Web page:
Unemployment is serious business: Time for Congress to step up
In December, the unemployment benefits for over one million people expired,  because Congress did not renew the Emergency Unemployment Compensation program.
Today (Tuesday), the Senate, in a 60-37 vote (barely squeaking by a filibuster) decided to move forward with a three-month extension . Five Republican senators voted yes, but with the caveat that they want the cost of benefits offset by other expenses. The Senate will now begin negotiations to pass the legislation
It is a good step toward protecting the long-term unemployed, who have an upward climb in front of them in looking  for work. (A person who has been unemployed for more than 27 weeks only has a 12 percent chance each month of getting a job, and there are about 2.9 unemployed workers for every job opening.)
But the extension of the Emergency Unemployment Compensation program faces a more serious hurdle: the House, where two Catholics, John Boehner and Paul Ryan, are the gatekeepers. So far, Boehner does not seem inclined to support the extension  without offsetting the expenses elsewhere in the budget.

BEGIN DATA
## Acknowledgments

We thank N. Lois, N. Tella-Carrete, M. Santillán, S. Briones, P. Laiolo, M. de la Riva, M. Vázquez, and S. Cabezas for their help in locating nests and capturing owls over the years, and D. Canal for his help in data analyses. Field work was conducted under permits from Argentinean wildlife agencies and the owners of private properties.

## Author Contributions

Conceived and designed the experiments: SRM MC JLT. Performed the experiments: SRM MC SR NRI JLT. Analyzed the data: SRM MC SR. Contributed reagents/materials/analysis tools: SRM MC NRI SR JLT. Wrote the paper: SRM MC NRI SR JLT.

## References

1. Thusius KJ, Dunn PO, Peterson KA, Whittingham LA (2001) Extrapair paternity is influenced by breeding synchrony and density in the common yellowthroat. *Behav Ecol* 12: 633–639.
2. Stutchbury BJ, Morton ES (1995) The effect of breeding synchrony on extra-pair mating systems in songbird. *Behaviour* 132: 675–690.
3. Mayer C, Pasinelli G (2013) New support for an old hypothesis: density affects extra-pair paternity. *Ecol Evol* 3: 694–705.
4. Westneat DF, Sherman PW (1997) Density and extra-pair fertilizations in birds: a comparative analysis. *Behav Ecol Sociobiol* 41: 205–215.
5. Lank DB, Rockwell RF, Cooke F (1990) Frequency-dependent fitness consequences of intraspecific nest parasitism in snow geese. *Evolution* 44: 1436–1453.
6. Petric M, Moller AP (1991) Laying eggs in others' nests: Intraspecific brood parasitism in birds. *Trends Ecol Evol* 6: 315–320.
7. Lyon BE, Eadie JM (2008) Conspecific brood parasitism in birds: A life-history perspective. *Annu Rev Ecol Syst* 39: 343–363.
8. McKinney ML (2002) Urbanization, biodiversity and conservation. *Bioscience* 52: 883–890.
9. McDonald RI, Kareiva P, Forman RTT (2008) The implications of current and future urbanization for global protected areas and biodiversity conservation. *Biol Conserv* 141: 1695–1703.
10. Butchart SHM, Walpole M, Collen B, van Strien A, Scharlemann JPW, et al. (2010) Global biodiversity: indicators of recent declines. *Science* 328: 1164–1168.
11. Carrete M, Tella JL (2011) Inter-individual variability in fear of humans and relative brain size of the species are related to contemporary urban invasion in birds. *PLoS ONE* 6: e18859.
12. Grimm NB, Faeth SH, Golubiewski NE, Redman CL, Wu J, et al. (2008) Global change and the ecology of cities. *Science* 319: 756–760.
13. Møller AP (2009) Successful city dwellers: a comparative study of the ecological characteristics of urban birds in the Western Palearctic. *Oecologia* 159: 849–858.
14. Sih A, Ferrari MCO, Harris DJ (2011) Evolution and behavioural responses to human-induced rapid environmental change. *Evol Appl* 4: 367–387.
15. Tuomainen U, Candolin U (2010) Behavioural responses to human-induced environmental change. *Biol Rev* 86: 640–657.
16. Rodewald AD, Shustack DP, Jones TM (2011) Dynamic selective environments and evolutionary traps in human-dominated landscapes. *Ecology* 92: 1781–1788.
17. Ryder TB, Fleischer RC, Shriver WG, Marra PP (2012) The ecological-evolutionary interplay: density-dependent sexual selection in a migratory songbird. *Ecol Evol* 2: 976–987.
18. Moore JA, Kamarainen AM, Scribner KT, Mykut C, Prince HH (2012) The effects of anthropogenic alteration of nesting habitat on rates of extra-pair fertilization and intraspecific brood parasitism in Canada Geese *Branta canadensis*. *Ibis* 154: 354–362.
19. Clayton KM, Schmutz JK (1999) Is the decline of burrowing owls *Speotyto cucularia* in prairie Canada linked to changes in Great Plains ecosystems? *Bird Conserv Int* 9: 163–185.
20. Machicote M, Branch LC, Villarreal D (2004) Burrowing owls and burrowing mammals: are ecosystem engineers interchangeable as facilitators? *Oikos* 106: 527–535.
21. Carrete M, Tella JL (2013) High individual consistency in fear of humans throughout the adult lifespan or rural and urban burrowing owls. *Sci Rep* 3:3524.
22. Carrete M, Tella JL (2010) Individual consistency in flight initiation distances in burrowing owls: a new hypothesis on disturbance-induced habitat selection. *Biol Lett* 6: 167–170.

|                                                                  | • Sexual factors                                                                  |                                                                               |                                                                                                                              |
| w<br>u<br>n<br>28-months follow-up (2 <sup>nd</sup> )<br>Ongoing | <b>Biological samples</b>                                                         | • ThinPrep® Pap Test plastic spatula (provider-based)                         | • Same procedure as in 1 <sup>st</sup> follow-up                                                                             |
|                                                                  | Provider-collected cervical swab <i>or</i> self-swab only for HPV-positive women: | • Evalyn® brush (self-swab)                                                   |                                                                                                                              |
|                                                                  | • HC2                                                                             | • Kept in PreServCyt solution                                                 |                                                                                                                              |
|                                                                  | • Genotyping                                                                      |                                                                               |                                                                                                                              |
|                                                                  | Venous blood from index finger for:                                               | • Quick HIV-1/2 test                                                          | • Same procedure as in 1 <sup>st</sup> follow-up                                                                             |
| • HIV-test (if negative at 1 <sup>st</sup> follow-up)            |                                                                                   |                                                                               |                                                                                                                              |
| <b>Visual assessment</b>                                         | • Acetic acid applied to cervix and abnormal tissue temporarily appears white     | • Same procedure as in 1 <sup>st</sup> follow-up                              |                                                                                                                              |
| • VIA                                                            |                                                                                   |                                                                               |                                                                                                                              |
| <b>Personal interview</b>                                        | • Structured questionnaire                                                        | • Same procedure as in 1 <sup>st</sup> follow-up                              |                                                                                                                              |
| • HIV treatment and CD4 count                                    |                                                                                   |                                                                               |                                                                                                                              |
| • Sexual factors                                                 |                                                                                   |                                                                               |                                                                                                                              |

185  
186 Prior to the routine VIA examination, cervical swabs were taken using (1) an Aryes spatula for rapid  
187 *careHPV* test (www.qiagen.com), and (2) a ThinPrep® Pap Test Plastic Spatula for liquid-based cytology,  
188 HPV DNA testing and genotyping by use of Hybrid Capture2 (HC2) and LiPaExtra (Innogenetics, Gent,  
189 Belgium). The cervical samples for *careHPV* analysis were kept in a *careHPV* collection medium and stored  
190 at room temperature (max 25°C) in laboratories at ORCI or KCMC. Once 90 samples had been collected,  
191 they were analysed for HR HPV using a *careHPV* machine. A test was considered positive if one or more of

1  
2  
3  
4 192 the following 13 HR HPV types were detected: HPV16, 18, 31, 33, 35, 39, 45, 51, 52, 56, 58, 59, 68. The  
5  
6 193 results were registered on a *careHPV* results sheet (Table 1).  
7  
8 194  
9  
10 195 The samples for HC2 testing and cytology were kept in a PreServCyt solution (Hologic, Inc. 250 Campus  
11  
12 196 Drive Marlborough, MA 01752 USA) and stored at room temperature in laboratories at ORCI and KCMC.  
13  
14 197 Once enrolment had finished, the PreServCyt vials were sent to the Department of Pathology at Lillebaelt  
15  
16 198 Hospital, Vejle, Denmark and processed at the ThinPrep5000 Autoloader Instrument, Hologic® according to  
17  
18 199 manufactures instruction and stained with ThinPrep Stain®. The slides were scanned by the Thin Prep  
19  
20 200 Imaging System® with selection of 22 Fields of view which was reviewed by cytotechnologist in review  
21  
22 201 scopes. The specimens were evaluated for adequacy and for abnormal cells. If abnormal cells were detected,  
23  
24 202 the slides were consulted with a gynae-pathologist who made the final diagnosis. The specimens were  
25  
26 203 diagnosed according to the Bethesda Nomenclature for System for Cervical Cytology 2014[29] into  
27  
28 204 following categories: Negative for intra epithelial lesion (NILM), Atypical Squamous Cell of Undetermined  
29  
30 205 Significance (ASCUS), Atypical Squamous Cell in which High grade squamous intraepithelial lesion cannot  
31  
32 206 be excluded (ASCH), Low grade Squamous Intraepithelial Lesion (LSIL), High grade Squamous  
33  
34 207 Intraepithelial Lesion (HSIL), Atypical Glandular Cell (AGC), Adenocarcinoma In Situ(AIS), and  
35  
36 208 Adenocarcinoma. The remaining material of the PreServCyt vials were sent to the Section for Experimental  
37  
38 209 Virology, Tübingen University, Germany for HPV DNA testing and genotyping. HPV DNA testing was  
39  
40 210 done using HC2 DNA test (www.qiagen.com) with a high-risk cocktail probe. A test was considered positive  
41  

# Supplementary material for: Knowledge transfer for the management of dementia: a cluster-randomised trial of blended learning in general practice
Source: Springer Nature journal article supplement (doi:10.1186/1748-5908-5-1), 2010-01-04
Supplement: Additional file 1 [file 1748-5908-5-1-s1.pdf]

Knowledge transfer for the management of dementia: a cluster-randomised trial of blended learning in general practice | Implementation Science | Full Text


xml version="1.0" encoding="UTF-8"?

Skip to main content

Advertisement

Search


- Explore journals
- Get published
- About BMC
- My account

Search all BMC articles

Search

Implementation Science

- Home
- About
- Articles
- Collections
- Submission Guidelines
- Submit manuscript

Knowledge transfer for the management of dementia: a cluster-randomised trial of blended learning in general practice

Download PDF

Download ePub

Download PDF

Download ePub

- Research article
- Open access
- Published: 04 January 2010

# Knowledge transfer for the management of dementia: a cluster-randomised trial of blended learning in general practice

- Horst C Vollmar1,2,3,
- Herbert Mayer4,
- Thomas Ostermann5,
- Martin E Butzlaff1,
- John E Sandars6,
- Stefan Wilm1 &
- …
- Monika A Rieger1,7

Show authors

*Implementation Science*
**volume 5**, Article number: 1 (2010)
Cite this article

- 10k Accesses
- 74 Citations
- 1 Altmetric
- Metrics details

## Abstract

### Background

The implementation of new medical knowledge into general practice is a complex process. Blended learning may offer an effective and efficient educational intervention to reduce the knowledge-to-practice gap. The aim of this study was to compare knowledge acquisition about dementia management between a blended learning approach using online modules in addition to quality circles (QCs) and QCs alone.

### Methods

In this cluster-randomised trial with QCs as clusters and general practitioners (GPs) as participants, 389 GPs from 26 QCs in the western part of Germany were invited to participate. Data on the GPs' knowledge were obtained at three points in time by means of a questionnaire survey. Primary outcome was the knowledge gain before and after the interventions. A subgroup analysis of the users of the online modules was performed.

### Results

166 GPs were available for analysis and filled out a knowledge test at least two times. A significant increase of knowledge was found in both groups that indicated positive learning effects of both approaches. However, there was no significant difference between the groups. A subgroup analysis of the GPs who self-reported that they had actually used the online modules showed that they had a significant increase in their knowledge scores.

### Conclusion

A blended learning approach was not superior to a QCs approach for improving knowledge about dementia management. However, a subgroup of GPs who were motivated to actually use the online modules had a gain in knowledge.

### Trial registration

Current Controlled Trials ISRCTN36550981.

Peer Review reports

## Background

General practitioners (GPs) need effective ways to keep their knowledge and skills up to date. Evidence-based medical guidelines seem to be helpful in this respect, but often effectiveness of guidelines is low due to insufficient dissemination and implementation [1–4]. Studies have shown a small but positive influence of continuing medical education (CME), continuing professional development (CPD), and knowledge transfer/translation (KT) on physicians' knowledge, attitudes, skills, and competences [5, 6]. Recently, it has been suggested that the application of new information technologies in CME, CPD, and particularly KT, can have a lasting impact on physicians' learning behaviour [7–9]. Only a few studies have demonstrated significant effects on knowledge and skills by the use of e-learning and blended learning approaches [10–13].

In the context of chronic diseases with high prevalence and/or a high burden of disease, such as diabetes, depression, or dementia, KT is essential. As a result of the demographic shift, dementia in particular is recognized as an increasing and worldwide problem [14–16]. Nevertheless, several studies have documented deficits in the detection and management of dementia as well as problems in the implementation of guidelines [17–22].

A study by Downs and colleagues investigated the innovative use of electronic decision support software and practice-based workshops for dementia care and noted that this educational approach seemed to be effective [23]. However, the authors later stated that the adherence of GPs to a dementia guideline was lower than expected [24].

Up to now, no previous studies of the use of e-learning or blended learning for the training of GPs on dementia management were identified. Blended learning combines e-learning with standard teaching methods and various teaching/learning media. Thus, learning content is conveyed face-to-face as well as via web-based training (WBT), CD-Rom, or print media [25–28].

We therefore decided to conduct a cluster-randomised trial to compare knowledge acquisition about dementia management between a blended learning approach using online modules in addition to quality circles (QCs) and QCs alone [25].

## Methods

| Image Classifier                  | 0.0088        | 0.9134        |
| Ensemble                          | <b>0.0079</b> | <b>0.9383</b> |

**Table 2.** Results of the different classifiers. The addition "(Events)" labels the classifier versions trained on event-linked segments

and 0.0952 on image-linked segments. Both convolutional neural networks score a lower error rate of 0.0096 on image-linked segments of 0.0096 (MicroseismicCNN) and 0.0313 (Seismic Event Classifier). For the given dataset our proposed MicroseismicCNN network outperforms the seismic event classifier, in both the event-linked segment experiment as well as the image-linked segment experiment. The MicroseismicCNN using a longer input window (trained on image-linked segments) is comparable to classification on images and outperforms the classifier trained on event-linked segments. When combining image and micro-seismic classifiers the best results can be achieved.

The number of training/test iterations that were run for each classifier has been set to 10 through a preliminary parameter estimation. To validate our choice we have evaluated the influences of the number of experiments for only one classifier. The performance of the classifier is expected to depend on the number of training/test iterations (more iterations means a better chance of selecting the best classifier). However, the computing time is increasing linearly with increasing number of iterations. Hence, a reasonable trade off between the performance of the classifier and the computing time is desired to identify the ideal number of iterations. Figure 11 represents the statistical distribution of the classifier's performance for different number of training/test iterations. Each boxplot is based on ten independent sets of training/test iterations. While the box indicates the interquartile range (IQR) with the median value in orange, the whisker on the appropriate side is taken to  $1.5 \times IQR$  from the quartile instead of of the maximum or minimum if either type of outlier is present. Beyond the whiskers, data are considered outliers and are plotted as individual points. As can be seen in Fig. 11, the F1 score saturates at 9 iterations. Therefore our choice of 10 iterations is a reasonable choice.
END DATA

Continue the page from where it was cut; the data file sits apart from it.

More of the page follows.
For millions of people who are out of work, unemployment assistance gives them the ability to meet their basic needs while they search for work. This helps families to get food on the table and to keep the lights on. It doesn't provide much else.
Congress has done very little in terms of actually addressing the long-term unemployment crisis that this country is facing. There are some ideas floating out  there from economists and policy wonks  alike. In 2011, President Obama proposed the American Jobs Act , which was completely shuttered by House leadership.
So something needs to get done in order to help out those people who are working to beat the rather incredible odds  in the job market, because it is a real problem for individuals , for communities, and for the country as a whole. But in the mean time, Congress should step up and at least help them to keep the lights on.